I never, ever think about my biological parents except in the minutes immediately following another person asking vapid questions about them. It's simply not a part of my everyday life or a part of my experiences. And even were it so, it'd be infinitely more respectful of me to allow me to initiate that conversation, to allow me to discuss what I thought about the matter, and to give me the space and the time that I needed to feel comfortable doing that.

Learning that someone is adopted is not carte blanche to pepper that person with personal and invasive questions. Period. There is no right to extract deeply personal information from another person simply to satisfy one's own curiosity. In fact, this type of attitude strikes me as privileged, objectifying, and enfreaking.


  1. Thank you so much for writing this post! I get these questions all the time. I have actually had people ask me these questions before. And worse yet, in most cases the person asking me these questions was someone I had never met before.

    1) Do you remember the orphanage?
    2) What was it like?
    3) Is it true that you were left in a crib all day in the orphanage?
    4) I heard adoptees have attachment disorders. Do you have an attachment disorder?
    5) So what was your first language, English or Russian?
    6) How can your parents REALLY love you? I don't think I could ever love a child that wasn't my own.
    7) Why did your biological parents give you up for adoption?
    8) Were your siblings adopted too?
    9) Don't you wish sometimes that you were normal?
    10) Does that mean you're not an American citizen? (The university I currently attend asked me to prove my American citizenship--something they don't require of students in general for admission.)

    Awesome blog post!

    1. Oh, and because I'm Autistic, I'll always get, "So do you think you're autistic because you were in an orphanage" or variations of this. -.- Makes me want to bash my head into a nearby wall.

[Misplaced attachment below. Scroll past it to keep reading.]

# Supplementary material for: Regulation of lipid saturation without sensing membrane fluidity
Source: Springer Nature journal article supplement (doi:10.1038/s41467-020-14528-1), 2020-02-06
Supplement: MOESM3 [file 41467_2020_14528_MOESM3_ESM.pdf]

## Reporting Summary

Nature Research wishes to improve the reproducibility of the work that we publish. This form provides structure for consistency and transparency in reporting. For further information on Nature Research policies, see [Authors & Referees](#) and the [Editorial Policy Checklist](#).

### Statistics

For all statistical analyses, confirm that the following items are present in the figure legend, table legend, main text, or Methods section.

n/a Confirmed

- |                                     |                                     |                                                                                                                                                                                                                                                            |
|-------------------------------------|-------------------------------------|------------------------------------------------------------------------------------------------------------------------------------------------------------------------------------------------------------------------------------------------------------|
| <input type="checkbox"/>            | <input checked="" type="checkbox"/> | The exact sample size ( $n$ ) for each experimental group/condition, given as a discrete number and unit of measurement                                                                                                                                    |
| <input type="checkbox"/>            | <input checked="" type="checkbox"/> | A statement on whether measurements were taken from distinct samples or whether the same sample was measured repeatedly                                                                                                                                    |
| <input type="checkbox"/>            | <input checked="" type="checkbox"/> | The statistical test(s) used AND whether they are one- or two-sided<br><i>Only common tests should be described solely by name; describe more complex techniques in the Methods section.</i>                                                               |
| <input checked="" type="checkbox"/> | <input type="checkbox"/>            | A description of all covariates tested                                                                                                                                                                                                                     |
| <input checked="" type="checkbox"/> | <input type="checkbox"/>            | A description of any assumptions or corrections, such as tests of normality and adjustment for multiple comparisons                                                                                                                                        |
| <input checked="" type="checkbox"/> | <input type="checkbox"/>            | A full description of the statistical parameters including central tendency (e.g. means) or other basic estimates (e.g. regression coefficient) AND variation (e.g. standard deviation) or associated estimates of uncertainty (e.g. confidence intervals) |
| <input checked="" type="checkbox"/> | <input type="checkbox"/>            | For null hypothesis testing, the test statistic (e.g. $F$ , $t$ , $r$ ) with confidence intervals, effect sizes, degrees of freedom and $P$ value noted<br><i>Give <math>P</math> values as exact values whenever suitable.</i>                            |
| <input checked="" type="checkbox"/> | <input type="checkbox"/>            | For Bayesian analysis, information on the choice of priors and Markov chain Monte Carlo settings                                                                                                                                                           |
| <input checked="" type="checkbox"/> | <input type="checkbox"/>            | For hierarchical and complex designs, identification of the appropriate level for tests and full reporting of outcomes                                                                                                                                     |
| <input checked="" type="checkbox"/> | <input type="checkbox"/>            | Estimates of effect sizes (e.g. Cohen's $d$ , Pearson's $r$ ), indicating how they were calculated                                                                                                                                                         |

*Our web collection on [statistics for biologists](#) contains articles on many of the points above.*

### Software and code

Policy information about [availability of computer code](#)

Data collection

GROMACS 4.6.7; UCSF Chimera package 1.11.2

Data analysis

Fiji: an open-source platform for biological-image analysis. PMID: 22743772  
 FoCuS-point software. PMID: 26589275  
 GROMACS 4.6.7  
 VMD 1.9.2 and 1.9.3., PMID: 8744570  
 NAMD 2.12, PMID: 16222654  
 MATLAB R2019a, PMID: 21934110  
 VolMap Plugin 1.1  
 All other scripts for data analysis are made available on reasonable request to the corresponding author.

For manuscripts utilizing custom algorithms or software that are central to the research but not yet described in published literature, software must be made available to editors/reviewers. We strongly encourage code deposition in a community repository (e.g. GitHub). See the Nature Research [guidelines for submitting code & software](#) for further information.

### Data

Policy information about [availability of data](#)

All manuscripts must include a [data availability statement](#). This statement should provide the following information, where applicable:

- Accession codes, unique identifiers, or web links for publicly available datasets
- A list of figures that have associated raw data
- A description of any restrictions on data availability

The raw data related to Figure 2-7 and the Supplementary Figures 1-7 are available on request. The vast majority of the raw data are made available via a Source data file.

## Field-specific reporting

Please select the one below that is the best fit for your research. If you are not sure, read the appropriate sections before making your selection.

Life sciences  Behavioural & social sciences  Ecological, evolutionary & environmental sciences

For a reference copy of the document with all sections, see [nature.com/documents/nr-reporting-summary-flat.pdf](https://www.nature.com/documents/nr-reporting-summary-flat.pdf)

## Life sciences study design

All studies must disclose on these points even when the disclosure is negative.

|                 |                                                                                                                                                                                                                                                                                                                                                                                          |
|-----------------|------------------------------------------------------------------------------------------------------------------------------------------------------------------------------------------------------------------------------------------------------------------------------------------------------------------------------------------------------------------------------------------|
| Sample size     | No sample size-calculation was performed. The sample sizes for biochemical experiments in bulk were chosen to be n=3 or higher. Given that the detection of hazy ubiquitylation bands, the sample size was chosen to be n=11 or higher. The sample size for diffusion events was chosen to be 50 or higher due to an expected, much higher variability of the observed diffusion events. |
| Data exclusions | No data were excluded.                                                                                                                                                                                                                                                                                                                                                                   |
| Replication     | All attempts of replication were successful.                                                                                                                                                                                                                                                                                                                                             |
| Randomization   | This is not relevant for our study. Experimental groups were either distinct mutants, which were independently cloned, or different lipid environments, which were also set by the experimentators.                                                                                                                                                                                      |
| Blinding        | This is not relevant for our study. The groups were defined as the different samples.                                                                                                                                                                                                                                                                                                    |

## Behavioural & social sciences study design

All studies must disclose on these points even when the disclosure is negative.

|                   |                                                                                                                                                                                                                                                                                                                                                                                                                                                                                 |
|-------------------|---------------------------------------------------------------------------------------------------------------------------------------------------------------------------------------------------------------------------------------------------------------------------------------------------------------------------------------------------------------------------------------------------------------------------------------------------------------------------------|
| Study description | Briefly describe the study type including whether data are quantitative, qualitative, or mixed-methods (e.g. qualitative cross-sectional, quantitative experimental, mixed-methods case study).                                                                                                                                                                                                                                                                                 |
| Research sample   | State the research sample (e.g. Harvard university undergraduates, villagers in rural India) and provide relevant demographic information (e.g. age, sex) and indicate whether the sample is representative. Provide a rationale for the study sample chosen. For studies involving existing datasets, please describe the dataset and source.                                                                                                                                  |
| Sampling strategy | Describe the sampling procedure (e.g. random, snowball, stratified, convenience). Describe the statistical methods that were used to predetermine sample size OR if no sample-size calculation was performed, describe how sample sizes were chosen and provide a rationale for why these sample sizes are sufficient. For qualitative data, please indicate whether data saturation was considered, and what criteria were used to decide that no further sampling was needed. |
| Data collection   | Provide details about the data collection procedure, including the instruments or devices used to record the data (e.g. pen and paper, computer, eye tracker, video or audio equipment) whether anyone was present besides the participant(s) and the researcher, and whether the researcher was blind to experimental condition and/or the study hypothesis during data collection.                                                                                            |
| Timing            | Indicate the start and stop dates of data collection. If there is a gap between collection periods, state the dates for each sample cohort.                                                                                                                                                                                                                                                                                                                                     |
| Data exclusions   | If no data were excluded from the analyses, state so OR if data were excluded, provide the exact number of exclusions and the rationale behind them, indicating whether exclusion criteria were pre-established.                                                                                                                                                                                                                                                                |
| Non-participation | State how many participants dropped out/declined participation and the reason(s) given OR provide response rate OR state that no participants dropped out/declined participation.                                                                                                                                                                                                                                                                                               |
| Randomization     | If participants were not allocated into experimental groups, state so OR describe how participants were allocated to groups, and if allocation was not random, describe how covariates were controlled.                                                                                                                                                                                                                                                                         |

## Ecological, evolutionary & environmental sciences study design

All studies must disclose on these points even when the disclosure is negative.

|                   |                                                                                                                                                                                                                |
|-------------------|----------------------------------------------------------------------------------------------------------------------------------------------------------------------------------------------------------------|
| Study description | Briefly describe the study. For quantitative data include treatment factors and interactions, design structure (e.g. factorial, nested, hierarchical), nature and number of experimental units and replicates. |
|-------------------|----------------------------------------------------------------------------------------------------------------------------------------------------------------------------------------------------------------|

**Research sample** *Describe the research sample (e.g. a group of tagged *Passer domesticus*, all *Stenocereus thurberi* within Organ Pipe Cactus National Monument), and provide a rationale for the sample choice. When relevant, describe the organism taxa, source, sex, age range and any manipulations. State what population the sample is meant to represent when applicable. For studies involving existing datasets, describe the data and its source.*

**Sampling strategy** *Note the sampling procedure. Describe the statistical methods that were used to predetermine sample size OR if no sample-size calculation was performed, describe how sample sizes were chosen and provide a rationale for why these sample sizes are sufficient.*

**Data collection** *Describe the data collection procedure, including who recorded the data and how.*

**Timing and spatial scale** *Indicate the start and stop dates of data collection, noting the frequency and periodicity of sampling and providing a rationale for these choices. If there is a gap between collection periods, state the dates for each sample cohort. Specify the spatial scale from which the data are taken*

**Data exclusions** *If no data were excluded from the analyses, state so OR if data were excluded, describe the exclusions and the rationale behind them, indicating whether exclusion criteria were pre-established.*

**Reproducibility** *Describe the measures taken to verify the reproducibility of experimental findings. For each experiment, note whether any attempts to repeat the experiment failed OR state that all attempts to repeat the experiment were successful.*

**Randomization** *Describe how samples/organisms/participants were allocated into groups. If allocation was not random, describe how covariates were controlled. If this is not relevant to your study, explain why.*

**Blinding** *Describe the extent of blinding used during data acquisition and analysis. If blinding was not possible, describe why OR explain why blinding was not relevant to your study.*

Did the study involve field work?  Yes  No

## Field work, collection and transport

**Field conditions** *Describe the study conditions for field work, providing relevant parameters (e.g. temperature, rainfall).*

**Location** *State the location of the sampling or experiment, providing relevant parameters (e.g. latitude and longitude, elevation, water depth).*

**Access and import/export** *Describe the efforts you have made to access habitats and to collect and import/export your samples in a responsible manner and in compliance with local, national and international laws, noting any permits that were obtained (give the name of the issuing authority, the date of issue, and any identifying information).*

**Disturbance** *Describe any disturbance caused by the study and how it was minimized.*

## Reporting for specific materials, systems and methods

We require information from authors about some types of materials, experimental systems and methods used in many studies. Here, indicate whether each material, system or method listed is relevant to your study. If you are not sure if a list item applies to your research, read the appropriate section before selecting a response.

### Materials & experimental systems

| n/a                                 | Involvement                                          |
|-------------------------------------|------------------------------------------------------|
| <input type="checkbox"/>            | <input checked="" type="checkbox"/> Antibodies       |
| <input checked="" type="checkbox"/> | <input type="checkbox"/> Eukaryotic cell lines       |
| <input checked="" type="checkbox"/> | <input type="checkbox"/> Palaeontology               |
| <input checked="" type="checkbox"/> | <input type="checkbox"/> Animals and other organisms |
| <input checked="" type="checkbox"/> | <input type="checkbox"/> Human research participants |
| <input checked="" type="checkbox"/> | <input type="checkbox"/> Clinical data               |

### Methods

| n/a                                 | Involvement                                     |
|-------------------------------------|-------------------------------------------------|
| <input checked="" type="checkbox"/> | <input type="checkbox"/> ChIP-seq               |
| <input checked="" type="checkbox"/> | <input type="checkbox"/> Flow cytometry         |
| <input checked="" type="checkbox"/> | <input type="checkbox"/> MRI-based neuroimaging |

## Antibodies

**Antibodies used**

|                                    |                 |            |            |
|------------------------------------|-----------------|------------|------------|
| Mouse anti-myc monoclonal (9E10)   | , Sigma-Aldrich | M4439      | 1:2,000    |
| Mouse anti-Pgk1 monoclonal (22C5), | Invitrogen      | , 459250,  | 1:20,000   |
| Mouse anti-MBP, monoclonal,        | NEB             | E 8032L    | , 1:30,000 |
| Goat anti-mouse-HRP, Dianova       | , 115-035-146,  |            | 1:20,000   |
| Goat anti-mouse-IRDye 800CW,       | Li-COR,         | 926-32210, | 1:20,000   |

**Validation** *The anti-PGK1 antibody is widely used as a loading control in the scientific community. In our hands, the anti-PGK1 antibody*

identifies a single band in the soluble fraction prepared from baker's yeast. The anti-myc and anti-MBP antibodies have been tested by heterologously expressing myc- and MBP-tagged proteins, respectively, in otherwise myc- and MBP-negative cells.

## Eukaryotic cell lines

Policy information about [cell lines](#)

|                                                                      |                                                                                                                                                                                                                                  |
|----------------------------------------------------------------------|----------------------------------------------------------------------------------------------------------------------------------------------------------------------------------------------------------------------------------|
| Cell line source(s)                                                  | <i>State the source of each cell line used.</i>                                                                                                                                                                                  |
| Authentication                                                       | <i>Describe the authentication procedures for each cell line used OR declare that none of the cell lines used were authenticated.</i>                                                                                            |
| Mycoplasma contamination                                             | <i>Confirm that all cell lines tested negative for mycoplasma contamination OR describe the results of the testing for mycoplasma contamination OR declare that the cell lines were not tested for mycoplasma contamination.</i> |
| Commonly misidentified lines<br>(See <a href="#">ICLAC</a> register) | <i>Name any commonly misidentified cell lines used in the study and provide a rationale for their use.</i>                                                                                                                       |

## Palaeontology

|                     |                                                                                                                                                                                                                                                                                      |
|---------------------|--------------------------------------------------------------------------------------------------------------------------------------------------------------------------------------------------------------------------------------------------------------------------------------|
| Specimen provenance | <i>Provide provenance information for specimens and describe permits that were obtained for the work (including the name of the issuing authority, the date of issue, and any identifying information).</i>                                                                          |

2. I have twins that were conceived through IVF, and I have had to deal with rude and personal questions on a regular basis since they were born. There is no need to be discussing personal medical information with the check out lady at Target. The rudeness of some people is appalling! And they want to point their fingers at autistic people and say they make inappropriate comments. Yeah, right.

  3. I agree with you, I am an adoptee and autistic/aspergers. I have often just automatically replied to the intrusive barrage of questions in that unthinkingly over-trusting overly good-natured aspergers way and then felt a bit violated afterwards, like I have accidentally over-shared.

  4. I have an adopted daughter who has Fragile X Syndrome. She wasn't diagnosed until she was 10. I've had people ask me "Would you have adopted her if you knew she wasn't normal?" "Did her mother do a lot of drugs?" (her bio mom is a good friend of mine, and as sober as they come.)

    The real kicker, was when someone told me that my daughter had "adoption trauma", and that if I'd left her with her birth mother (who was not prepared to be a mom yet), that my daughter would have been just fine. Basically implying that "my selfishness screwed her up."

    I would not trade or "fix" my kiddo for the world!